And while academics are paramount, their days are not without extracurricular activity. It is in these instances where opportunities such as Arts for Learning's "Digital Game Design" workshop come into play. The program introduces students to the basics of computer game design through a series of instructional workshops. In this case, the workshop was five days long.

Students create games from scratch, using provided graphics assets and a basic game design software. - SHAWN WHISTLER
  • Shawn Whistler
  • Students create games from scratch, using provided graphics assets and a basic game design software.

Structure and Software

Moving from place to place, the boys adhered to the structure and expectation of order that one might expect to find in a juvenile facility. As soon as they eased into their seats in Whistler's class, however, the atmosphere turned into what could have been any other high-school classroom. Not surprisingly for their age, many of the boys proved to already be adept with a computer.

As the students explored the gaming software, Whistler surveyed the class, asking his students to describe the characters they saw, break down the elements of the game and inspect the structure of the games more closely. When a question was asked, the students chimed in individually with answers that were prompt and articulate. When no easy answer occurred, they worked through the problems together, aloud. The boys were attentive and engrossed in the activity, some so much that when the instructor would introduce a new concept, they revealed they had already skipped ahead several steps in the process.

At the end of the week, some boys had already come and gone from the center. But those who remained had each created their own interactive video games. Whistler believes that because of the restricted access students in a juvenile detention center have to technology, they are eager to experiment with the games, and thrive in an encouraging environment where they learn through trial and error. Students especially excel when the content provided has a rational and practical application.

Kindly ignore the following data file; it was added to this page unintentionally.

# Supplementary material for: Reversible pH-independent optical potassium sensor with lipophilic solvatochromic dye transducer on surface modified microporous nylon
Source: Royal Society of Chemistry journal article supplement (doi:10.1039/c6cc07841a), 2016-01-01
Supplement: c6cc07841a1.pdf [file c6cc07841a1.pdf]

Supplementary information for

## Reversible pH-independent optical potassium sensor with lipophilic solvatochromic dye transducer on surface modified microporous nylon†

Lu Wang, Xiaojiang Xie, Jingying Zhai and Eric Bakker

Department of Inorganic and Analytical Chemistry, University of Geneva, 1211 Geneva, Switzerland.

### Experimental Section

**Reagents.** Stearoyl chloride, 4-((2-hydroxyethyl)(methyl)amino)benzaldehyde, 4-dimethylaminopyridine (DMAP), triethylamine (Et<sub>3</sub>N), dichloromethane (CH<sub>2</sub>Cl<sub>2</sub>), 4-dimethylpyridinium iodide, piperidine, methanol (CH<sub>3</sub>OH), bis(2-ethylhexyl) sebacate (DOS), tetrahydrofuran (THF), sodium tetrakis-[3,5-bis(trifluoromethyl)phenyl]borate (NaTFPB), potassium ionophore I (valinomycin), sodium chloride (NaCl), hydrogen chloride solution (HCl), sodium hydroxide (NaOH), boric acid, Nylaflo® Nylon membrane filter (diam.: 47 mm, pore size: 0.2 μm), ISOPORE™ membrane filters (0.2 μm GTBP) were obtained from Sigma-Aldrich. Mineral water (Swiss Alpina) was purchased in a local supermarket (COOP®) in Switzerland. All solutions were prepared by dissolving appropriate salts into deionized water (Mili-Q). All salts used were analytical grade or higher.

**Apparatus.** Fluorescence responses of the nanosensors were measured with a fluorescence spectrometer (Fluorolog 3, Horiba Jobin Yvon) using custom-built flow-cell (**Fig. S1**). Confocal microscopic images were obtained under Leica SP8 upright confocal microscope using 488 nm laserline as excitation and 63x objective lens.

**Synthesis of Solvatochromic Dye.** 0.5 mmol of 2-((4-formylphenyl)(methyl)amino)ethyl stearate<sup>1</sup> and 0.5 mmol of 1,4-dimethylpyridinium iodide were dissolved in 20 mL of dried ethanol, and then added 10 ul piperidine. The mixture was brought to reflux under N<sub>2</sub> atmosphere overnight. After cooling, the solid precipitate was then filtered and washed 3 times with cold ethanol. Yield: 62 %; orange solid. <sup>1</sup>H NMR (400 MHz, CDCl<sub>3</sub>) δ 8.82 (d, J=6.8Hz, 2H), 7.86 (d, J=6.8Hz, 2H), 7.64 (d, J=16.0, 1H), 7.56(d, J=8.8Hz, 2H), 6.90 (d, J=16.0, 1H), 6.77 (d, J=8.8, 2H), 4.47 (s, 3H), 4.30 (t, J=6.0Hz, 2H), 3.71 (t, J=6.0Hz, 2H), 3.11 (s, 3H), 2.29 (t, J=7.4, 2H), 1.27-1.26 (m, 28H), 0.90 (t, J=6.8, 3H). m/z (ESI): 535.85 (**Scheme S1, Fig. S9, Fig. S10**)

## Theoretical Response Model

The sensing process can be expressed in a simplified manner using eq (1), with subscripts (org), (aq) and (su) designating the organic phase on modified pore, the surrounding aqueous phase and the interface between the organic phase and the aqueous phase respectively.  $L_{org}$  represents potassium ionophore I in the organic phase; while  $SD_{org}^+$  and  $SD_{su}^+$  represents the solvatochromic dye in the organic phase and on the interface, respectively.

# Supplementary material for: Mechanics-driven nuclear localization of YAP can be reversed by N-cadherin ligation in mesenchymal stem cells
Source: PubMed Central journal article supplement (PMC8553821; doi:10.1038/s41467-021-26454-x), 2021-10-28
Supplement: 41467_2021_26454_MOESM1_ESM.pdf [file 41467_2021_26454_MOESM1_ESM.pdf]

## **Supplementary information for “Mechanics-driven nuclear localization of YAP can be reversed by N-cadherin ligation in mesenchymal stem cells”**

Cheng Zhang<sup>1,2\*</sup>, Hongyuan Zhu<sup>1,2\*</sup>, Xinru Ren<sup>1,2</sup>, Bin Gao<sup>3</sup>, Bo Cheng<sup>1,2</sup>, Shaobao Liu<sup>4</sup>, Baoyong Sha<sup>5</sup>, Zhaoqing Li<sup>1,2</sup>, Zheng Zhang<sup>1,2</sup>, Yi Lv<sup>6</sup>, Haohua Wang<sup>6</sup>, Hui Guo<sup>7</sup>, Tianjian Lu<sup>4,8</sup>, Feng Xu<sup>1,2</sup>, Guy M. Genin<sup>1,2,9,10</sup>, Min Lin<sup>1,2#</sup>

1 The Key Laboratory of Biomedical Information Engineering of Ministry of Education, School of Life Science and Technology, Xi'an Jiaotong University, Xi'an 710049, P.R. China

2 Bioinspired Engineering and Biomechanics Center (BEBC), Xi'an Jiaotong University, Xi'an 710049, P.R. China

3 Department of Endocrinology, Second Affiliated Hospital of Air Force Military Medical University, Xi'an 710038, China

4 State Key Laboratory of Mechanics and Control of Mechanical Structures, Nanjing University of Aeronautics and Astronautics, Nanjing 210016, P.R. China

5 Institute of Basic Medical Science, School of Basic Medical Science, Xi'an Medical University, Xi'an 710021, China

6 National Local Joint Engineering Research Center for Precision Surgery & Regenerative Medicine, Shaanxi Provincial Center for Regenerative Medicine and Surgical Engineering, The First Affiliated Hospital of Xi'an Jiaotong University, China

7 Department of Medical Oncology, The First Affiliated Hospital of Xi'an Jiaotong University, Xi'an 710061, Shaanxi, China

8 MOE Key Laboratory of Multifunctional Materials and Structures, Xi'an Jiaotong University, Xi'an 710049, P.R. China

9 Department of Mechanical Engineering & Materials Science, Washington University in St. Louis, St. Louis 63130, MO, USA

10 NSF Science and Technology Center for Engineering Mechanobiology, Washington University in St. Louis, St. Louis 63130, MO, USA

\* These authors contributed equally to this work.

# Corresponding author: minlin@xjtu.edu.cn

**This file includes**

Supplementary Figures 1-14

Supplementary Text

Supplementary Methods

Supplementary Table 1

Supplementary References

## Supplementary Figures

But why teach video game design? What's the value in academic and developmental growth? Arts for Learning proposes that teaching classes like this takes a platform students are already interested in - video games and computers, technology - and turns it into a logical, problem-solving activity. Digital game design integrates art, music, movement, algebra, science, and language arts together for a practical application - creating a video game with characters, objectives, rules, and levels. By using open source software, students can return to the activity even after the workshop has ended. It is an avenue to both engage kids creatively and to help them develop a further literacy with technology and computers.

Arts for Learning offers services in a variety of locations for students. - ARTS FOR LEARNING
  • Arts for Learning
  • Arts for Learning offers services in a variety of locations for students.

Whistler explains, "The workshop forces students to reconcile preconceived notions of computers for entertainment, social media, Internet searches, etc. into a powerful, yet logical tool for artistic creation."

Perhaps, for some of them, the class is a first step in rethinking who they can be and how art might offer a fresh start.